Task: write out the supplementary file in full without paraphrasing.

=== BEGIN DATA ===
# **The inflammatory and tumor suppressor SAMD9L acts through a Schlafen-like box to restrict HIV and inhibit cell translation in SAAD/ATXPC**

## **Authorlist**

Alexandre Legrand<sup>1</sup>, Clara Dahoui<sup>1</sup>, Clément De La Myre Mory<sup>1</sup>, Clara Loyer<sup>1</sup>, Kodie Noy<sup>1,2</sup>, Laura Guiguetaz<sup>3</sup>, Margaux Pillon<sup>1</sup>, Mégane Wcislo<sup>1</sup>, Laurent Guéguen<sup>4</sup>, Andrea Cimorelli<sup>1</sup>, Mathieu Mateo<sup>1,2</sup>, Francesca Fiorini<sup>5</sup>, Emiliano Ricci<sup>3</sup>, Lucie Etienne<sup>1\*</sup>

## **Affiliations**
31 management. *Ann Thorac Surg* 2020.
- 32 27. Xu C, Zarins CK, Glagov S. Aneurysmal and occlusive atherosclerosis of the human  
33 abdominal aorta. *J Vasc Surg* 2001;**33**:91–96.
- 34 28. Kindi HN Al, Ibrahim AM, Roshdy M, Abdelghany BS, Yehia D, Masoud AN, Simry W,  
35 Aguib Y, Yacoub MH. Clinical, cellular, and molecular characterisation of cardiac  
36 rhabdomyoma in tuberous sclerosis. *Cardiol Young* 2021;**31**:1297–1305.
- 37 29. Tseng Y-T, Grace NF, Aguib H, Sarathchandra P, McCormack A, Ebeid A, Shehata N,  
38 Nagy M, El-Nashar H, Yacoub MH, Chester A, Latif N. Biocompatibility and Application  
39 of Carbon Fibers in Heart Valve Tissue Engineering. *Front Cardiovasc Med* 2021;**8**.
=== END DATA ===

# **The inflammatory and tumor suppressor SAMD9L acts through a Schlafen-like box to restrict HIV and inhibit cell translation in SAAD/ATXPC**

## **Authorlist**

Alexandre Legrand<sup>1</sup>, Clara Dahoui<sup>1</sup>, Clément De La Myre Mory<sup>1</sup>, Clara Loyer<sup>1</sup>, Kodie Noy<sup>1,2</sup>, Laura Guiguetaz<sup>3</sup>, Margaux Pillon<sup>1</sup>, Mégane Wcislo<sup>1</sup>, Laurent Guéguen<sup>4</sup>, Andrea Cimorelli<sup>1</sup>, Mathieu Mateo<sup>1,2</sup>, Francesca Fiorini<sup>5</sup>, Emiliano Ricci<sup>3</sup>, Lucie Etienne<sup>1\*</sup>

## **Affiliations**
31 management. *Ann Thorac Surg* 2020.
- 32 27. Xu C, Zarins CK, Glagov S. Aneurysmal and occlusive atherosclerosis of the human  
33 abdominal aorta. *J Vasc Surg* 2001;**33**:91–96.
- 34 28. Kindi HN Al, Ibrahim AM, Roshdy M, Abdelghany BS, Yehia D, Masoud AN, Simry W,  
35 Aguib Y, Yacoub MH. Clinical, cellular, and molecular characterisation of cardiac  
36 rhabdomyoma in tuberous sclerosis. *Cardiol Young* 2021;**31**:1297–1305.
- 37 29. Tseng Y-T, Grace NF, Aguib H, Sarathchandra P, McCormack A, Ebeid A, Shehata N,  
38 Nagy M, El-Nashar H, Yacoub MH, Chester A, Latif N. Biocompatibility and Application  
39 of Carbon Fibers in Heart Valve Tissue Engineering. *Front Cardiovasc Med* 2021;**8**.